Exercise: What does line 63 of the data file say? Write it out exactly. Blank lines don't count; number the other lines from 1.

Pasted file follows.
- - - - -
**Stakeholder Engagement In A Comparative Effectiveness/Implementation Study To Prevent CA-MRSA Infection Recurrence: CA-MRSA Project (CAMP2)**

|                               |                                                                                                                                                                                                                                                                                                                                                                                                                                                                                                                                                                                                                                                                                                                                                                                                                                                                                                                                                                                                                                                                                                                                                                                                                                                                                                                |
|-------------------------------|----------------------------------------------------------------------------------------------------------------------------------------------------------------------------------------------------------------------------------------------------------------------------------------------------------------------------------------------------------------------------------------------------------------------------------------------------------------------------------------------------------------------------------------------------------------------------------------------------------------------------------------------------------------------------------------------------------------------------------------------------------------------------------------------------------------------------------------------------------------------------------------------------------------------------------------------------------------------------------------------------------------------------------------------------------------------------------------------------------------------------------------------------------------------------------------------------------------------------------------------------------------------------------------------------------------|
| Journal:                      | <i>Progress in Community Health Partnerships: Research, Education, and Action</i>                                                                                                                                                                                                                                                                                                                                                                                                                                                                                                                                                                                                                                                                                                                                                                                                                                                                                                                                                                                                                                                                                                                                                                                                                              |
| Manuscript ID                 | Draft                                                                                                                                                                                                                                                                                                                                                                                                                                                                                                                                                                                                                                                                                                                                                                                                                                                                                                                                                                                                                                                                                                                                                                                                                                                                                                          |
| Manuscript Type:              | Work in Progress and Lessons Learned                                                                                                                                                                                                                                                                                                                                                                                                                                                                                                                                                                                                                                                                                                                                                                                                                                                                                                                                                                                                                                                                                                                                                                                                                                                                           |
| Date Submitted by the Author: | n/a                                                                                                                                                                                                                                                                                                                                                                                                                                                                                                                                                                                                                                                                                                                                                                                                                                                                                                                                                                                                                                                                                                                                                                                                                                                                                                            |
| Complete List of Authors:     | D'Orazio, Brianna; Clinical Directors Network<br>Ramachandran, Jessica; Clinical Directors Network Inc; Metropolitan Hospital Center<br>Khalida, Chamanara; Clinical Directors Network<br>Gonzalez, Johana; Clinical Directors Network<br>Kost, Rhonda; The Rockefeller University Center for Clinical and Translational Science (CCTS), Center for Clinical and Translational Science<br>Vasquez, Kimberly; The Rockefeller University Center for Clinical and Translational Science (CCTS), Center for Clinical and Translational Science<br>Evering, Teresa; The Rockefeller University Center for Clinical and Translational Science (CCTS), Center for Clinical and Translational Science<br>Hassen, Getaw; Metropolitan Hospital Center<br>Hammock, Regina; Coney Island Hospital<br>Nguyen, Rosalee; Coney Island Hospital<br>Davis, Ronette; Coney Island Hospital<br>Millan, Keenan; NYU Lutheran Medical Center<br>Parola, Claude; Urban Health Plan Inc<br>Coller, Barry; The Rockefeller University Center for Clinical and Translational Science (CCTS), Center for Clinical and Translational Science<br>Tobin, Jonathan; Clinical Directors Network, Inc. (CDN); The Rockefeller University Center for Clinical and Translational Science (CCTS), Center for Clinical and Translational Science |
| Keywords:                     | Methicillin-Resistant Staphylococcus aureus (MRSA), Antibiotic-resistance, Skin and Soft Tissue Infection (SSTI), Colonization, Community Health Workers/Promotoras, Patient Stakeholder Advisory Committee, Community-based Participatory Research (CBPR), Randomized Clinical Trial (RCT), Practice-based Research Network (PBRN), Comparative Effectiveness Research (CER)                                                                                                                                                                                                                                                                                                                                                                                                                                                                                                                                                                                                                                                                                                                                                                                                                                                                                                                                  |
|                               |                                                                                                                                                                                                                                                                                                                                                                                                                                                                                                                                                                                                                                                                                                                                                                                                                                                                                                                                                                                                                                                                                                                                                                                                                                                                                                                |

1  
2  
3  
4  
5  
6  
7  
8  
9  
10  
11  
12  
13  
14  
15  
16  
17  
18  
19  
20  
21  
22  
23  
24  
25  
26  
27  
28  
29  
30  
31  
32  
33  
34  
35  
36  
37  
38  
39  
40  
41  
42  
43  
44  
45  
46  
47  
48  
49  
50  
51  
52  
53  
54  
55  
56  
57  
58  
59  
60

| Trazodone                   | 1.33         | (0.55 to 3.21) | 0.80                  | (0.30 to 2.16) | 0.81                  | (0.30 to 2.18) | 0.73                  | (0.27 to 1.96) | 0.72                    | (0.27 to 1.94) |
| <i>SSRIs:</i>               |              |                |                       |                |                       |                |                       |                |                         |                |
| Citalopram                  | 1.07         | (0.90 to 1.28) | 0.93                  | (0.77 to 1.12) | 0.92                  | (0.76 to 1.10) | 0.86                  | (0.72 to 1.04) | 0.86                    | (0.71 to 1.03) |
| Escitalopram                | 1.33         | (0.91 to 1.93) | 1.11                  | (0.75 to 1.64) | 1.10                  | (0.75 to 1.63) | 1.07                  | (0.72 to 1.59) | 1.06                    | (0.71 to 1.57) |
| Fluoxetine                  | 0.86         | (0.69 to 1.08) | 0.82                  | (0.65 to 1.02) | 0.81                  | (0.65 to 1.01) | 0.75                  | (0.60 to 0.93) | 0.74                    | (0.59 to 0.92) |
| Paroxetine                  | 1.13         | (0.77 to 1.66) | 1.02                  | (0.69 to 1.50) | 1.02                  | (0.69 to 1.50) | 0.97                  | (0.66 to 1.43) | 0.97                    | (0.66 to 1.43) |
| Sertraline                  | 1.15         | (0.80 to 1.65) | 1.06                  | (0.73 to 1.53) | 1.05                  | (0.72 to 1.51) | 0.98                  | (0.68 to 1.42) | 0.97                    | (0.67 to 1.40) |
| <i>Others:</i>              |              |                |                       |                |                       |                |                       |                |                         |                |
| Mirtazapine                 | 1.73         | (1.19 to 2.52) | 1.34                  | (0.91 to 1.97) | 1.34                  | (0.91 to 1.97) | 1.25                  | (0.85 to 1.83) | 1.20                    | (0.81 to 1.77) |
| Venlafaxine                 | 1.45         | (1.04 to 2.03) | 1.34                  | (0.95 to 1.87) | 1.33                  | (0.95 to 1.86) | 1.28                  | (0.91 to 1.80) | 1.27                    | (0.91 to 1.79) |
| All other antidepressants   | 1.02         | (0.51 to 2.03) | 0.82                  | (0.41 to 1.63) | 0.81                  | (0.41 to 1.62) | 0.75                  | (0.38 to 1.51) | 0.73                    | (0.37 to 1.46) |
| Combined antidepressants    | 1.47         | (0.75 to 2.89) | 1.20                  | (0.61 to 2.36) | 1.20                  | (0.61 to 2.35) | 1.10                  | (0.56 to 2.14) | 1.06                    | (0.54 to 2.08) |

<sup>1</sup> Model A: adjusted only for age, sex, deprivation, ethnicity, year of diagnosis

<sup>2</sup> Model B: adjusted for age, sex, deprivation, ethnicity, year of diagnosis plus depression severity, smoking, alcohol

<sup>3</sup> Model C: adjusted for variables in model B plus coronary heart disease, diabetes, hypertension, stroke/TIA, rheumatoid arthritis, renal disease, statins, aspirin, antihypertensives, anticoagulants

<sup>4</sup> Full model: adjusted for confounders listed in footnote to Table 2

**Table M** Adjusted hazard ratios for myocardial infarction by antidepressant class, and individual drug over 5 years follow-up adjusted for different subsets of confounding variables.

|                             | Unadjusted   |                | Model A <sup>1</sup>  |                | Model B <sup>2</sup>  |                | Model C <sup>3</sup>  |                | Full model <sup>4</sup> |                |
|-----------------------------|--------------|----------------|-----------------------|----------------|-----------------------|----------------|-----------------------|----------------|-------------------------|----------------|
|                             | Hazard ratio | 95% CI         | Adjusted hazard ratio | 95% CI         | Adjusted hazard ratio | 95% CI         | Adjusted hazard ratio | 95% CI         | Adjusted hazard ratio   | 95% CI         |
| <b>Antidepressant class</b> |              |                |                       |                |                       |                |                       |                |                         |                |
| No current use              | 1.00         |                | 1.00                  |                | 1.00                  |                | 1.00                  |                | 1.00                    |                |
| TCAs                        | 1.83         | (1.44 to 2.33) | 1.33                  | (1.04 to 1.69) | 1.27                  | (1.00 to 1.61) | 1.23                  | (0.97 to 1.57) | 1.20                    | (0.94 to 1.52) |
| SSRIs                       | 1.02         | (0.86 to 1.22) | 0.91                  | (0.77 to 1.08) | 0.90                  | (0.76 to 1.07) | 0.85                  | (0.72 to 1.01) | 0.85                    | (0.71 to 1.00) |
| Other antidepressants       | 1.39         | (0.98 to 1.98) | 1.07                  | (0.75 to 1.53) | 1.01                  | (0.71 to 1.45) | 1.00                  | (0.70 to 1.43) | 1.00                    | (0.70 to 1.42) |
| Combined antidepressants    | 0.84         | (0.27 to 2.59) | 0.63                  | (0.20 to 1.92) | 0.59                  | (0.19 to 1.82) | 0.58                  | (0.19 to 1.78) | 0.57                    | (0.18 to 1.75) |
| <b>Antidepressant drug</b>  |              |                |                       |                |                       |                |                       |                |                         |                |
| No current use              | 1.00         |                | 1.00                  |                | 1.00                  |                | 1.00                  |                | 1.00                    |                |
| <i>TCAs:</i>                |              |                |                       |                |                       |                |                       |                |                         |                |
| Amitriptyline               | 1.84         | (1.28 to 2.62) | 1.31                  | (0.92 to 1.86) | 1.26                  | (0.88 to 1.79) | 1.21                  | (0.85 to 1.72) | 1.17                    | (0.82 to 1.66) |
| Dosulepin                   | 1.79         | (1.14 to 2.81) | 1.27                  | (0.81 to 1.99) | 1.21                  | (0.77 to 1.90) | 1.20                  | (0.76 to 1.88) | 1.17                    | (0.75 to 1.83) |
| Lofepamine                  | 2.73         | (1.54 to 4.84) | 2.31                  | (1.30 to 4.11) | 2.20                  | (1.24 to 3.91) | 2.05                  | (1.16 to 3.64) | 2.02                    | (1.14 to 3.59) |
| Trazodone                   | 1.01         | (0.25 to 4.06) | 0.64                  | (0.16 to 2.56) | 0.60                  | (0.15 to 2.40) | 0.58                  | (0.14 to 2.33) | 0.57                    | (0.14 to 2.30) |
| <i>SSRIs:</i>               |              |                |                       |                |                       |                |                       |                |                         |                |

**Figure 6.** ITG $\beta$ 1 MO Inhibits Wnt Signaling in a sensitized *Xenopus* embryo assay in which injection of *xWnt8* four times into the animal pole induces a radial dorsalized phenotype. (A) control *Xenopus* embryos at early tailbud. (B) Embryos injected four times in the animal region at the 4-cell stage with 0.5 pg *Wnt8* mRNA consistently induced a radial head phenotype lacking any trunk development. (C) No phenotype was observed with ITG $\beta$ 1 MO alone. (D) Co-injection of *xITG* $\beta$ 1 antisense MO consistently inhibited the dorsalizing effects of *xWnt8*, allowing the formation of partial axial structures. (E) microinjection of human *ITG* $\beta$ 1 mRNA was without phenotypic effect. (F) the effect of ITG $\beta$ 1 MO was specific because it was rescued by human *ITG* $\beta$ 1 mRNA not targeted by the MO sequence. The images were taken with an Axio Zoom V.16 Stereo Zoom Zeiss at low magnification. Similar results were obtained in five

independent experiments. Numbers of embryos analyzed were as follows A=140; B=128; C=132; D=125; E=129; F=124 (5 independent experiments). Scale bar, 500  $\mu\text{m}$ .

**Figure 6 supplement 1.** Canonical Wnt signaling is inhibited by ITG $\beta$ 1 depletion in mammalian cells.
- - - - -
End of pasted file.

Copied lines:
53  